New-build construction is getting its own radon-resistant treatment, which includes a radon mitigation system in the design of the home. Piping is often built into the walls so it flows up through the home and out the attic or roof in the garage, allowing for a more aesthetically pleasing pipe location. Some newer homes are equipped with what is often considered a “passive” system because it doesn’t have a fan. If, after the home is completed, radon levels test high, a fan can be installed easily, costing less than retrofitting a radon mitigation system to the home.
“The thinking behind them is once the home’s built and could be tested, that if the levels are above 4 [pCi/L], it’s very easy to cut a section of the radon pipe in the attic and then install the fan,” Hoffman says.
Hendrick says that while 4 pCi/L is the federally recommended level, 2 pCi/L is a safer concentration for people to be living in. While a mitigation system’s success is dependent upon the soil conditions, “It’s usually possible to mitigate it and get [the concentration] below 2 pCi/L,” he says.
Legislators are taking action. To promote awareness of radon as a potential danger in homes, many states have passed laws requiring knowledge of high radon concentrations to be disclosed prior to the closing of a real estate transaction.
For example: Minnesota passed the Minnesota Radon Awareness Act in 2014, which helps to make radon part of the conversation in real estate deals. “If a test has been done, you’re required to disclose it – the seller is. But the seller is not required to have one done,” Kanuit says.
The law helps to ensure radon is considered a potential home defect. “Under general Minnesota real estate law, if a seller is aware of a condition on real estate and they don’t disclose it, that can be the basis for a misrepresentation claim,” Kanuit says.
A total of 37 states and the District of Columbia have at least some legislation pertaining to radon. Many of those statutes designate high concentrations of radon as hazardous to a person's health, which means knowledge of its levels must be disclosed in a real estate transaction as a potential defect. Illinois, for example, goes even further to require licensing for the sale of radon tests or professional testing, and state law mandates that all newly built residential buildings include a passive radon mitigation system.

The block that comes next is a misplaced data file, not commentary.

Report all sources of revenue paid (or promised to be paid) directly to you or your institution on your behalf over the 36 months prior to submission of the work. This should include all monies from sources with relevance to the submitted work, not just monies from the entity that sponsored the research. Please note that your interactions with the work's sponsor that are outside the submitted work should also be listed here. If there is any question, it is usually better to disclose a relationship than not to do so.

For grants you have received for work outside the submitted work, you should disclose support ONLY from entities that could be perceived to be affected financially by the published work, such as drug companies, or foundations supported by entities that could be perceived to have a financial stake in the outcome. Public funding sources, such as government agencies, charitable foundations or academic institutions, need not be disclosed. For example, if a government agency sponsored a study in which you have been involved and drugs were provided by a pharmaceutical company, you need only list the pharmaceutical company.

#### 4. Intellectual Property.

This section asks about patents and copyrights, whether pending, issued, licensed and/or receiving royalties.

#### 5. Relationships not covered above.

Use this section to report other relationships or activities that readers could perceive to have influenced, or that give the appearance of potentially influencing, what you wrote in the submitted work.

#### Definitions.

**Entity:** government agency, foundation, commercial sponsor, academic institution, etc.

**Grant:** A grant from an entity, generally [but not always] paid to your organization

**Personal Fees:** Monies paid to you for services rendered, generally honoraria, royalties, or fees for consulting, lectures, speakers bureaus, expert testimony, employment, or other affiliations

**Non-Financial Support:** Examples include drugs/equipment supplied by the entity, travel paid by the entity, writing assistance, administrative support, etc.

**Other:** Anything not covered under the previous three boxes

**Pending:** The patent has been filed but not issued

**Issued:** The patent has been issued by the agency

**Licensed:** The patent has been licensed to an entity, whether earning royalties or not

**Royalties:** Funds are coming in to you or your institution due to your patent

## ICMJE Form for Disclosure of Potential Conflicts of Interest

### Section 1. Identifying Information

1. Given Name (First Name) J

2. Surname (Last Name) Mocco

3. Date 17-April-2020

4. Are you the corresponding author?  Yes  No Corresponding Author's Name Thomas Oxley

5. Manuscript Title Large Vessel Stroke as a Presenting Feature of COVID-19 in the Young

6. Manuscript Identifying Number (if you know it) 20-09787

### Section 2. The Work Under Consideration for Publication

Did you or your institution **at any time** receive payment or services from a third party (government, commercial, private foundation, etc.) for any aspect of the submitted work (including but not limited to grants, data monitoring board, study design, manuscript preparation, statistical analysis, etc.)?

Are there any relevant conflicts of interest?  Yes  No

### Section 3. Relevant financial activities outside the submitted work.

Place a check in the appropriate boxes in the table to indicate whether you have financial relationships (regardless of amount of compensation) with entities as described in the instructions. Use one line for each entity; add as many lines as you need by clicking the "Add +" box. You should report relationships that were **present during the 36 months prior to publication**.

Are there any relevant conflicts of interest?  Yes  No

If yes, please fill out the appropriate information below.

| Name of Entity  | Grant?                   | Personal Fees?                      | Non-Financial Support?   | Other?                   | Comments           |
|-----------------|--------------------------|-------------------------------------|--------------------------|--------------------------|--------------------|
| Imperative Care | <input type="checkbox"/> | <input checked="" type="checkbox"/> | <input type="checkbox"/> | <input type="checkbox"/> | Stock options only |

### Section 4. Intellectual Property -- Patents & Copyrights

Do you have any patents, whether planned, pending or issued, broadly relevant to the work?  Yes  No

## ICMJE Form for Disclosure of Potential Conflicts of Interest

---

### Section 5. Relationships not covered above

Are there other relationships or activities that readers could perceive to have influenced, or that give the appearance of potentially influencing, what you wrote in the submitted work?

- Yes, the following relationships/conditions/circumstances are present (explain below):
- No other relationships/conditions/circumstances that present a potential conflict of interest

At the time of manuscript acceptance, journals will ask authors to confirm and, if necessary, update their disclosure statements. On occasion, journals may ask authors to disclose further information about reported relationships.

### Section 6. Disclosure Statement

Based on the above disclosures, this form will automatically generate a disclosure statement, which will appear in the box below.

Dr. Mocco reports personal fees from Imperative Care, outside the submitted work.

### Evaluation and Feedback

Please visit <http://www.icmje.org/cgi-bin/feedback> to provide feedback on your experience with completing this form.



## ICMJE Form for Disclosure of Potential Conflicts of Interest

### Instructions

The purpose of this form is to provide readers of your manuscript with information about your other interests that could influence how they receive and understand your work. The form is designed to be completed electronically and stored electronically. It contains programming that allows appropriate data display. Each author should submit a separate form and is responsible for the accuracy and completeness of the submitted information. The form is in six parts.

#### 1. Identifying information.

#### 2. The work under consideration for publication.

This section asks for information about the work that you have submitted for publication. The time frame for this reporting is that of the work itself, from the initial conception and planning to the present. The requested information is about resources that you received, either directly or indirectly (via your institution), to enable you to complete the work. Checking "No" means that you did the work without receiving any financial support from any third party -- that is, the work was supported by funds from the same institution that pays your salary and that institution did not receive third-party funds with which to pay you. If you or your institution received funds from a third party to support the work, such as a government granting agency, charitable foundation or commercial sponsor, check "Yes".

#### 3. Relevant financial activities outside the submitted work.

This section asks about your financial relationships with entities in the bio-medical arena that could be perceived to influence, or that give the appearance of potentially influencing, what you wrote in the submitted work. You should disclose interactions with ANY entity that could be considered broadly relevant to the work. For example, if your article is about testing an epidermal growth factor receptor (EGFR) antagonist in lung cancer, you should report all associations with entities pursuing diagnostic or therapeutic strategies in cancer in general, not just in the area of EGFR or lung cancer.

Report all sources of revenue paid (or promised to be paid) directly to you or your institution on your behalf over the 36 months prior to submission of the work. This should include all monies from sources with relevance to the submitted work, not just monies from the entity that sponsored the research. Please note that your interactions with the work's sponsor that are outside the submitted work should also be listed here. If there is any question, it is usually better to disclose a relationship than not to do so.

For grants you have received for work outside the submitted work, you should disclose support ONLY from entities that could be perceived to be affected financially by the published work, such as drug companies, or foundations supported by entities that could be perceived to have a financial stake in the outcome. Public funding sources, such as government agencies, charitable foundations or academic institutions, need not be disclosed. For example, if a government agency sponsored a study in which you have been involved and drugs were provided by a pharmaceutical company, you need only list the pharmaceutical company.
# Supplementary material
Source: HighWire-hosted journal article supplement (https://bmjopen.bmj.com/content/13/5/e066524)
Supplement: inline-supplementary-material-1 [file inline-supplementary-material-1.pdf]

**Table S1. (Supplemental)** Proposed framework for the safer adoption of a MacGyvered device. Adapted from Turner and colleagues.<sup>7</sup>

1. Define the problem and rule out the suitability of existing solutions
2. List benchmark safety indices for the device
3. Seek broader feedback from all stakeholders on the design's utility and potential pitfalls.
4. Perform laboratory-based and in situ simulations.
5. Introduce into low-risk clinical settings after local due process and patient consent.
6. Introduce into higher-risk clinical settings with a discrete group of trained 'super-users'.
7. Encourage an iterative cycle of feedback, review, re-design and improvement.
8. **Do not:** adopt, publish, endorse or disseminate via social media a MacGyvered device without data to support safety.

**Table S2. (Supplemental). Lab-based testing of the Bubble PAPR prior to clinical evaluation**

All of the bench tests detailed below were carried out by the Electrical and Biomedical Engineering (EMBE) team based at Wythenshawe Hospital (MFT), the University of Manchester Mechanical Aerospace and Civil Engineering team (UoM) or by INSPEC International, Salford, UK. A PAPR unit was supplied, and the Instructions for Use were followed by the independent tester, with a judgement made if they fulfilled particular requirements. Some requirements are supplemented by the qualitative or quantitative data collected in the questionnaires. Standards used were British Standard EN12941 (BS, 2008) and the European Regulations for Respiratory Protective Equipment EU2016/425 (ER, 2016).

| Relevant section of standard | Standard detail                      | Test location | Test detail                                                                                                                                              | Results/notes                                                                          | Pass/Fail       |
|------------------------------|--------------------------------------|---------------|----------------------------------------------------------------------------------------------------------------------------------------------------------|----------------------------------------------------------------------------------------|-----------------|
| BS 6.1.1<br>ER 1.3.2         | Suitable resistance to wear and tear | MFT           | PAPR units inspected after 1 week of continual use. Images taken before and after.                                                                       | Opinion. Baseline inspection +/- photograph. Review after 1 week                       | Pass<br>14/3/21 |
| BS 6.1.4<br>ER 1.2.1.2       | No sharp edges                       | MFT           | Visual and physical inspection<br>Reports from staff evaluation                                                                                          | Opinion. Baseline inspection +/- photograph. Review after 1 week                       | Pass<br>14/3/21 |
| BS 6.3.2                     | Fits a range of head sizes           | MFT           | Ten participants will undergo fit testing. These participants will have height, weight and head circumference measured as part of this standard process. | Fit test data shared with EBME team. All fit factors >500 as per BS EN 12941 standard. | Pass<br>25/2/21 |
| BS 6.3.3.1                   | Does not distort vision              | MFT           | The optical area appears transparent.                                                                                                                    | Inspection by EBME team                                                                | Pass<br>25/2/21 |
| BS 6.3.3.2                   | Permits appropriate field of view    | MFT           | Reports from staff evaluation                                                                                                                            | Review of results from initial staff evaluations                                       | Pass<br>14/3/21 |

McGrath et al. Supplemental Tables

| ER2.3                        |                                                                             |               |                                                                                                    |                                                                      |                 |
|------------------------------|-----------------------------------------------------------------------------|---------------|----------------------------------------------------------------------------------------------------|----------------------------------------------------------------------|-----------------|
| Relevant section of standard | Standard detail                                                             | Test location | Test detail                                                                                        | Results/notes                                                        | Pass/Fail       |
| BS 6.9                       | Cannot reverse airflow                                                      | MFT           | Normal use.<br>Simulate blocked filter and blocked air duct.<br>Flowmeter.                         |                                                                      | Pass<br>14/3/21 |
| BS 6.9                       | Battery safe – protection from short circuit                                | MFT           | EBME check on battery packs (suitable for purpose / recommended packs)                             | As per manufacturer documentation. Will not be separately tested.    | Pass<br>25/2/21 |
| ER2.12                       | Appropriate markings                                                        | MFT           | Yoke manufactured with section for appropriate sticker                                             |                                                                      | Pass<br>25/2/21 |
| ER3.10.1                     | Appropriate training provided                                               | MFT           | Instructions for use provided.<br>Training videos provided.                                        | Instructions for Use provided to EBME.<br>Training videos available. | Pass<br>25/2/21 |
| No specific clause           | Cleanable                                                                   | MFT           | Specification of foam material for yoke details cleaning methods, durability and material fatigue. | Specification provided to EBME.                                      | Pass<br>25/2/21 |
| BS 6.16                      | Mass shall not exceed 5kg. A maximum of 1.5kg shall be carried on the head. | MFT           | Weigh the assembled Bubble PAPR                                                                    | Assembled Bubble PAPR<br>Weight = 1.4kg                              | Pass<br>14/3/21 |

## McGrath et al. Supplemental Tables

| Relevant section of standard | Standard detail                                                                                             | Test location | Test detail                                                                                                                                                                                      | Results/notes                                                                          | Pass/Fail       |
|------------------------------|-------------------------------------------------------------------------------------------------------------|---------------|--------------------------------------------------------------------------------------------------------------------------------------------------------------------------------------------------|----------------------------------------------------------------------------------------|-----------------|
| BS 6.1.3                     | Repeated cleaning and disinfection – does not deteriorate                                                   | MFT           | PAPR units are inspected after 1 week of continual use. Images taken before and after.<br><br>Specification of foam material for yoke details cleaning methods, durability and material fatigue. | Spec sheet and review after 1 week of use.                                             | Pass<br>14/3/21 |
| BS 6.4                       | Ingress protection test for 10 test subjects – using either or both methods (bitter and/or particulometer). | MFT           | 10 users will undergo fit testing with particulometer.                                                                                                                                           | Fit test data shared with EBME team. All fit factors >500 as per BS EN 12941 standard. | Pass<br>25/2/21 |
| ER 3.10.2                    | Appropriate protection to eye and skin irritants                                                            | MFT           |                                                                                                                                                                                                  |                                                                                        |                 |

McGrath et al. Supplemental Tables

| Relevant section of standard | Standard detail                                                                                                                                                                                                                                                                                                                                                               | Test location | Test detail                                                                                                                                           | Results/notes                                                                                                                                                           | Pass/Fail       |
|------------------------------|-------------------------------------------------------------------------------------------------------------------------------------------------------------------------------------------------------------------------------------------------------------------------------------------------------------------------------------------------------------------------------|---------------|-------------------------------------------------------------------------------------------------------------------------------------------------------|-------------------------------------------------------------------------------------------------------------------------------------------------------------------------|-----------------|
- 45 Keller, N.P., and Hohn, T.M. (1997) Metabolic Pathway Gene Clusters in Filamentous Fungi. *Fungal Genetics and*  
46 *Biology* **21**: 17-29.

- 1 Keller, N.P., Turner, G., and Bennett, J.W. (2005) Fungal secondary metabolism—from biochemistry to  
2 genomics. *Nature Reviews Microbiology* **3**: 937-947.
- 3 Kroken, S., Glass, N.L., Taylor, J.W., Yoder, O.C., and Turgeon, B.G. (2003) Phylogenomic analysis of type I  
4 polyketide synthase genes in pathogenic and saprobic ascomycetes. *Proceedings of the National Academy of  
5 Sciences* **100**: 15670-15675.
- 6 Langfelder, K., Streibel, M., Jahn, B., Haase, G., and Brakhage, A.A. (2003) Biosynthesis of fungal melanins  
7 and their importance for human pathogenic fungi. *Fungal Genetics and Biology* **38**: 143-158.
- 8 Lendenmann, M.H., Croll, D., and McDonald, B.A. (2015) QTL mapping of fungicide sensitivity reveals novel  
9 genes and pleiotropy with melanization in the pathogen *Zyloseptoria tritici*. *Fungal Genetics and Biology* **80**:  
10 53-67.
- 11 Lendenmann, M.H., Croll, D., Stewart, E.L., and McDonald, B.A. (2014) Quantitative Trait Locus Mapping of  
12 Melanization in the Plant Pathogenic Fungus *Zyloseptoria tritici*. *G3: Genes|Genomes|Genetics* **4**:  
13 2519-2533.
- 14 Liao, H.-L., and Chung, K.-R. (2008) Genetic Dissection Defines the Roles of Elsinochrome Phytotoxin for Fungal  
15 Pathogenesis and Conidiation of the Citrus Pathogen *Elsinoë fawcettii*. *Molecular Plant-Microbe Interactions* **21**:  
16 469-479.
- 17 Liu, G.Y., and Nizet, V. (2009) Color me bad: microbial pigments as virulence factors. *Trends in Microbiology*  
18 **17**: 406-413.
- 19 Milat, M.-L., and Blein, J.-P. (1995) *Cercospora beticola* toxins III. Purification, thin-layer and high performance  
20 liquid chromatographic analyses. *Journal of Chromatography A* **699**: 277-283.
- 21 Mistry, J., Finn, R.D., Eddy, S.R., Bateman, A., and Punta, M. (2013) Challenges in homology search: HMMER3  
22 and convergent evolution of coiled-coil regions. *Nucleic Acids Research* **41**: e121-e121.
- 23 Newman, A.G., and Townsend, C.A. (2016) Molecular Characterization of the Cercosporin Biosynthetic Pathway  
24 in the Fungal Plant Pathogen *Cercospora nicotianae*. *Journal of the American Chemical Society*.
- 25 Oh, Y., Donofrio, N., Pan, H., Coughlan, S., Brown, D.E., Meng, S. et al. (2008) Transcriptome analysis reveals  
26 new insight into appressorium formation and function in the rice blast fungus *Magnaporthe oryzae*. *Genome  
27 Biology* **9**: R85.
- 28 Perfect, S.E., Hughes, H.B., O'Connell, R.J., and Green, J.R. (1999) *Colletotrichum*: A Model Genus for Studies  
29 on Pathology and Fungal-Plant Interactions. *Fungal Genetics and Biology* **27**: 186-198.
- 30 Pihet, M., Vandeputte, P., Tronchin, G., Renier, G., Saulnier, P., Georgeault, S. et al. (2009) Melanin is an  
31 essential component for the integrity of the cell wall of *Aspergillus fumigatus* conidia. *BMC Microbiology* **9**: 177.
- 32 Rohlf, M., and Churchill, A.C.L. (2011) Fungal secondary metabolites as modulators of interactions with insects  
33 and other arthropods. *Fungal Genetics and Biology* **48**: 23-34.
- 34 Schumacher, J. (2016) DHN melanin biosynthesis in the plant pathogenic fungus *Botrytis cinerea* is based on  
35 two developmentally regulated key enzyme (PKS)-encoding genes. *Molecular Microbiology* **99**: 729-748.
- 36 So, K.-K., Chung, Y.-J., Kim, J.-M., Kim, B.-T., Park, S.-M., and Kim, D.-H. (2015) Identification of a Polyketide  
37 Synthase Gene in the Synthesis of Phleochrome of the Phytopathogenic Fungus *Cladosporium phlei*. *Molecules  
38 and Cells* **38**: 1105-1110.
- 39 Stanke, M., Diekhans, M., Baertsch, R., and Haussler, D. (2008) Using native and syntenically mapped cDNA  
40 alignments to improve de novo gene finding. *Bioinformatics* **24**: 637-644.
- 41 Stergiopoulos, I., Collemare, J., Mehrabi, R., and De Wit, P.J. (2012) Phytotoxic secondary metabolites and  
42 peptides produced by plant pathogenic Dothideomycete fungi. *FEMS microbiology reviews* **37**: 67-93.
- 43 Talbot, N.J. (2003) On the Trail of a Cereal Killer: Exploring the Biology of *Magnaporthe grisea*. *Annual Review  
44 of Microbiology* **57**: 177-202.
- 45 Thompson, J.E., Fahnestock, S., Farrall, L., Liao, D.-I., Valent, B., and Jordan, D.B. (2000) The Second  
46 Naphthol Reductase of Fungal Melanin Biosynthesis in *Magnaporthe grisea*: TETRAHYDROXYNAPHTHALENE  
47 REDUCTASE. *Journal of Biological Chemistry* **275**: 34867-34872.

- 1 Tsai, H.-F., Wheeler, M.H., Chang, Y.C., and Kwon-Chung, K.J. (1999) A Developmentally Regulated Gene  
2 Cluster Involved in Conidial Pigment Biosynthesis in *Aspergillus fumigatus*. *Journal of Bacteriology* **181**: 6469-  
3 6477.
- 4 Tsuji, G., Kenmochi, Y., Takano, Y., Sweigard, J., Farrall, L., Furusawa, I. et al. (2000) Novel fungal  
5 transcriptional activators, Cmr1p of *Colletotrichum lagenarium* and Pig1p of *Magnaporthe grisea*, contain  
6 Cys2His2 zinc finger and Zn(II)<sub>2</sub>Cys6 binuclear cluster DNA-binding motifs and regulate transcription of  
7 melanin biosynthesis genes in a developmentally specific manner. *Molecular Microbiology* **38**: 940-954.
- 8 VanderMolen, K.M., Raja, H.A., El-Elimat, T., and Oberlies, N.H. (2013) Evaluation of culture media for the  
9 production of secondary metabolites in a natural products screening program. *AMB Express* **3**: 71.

It’s on you to do the due diligence. Despite the laws and legislative action to ensure you're aware of your home's radon levels, there’s no requirement for testing in homes. If they haven’t previously tested for it, most sellers aren’t going to go looking for a problem.
When there are no previous test results, the buyer can have the home tested for radon prior to closing. If levels are above the national recommendation, the cost of adding a mitigation system can have an impact on negotiations – either lowering the sale price to incorporate the cost of the system or forcing the seller to install it prior to closing.
“It takes a particular buyer to be concerned about that,” Kanuit says. “Some buyers will insist on a radon test, and that’s when it comes up. The buyer will say, ‘Hey, I want to have it tested before we close this deal.’ Then if they find something, then a fix is usually negotiated or the buyer walks away.”
In Kanuit's experience, so far it seems everyone’s playing fair when it comes to sharing test results: “I’ve never seen a [legal] case involving radon yet. It’s pretty new.”
And even after you’ve bought the home, confident that you’re living among safe radon concentrations, the EPA and professionals recommend you retest every two years, whether you have a mitigation system or not.
She has appeared in media interviews across the U.S. including National Public Radio, WTOP (Washington, D.C.) and KOH (Reno, Nevada) and various print publications, as well as having served on panels discussing real estate development, city planning policy and homebuilding.
Previously, she served as a researcher of commercial real estate transactions and information, and is currently a member of the National Association of Real Estate Editors. Thorsby studied Political Science at the University of Michigan, where she also served as a news reporter and editor for the student newspaper The Michigan Daily. Follow her on Twitter or write to her at firstname.lastname@example.org.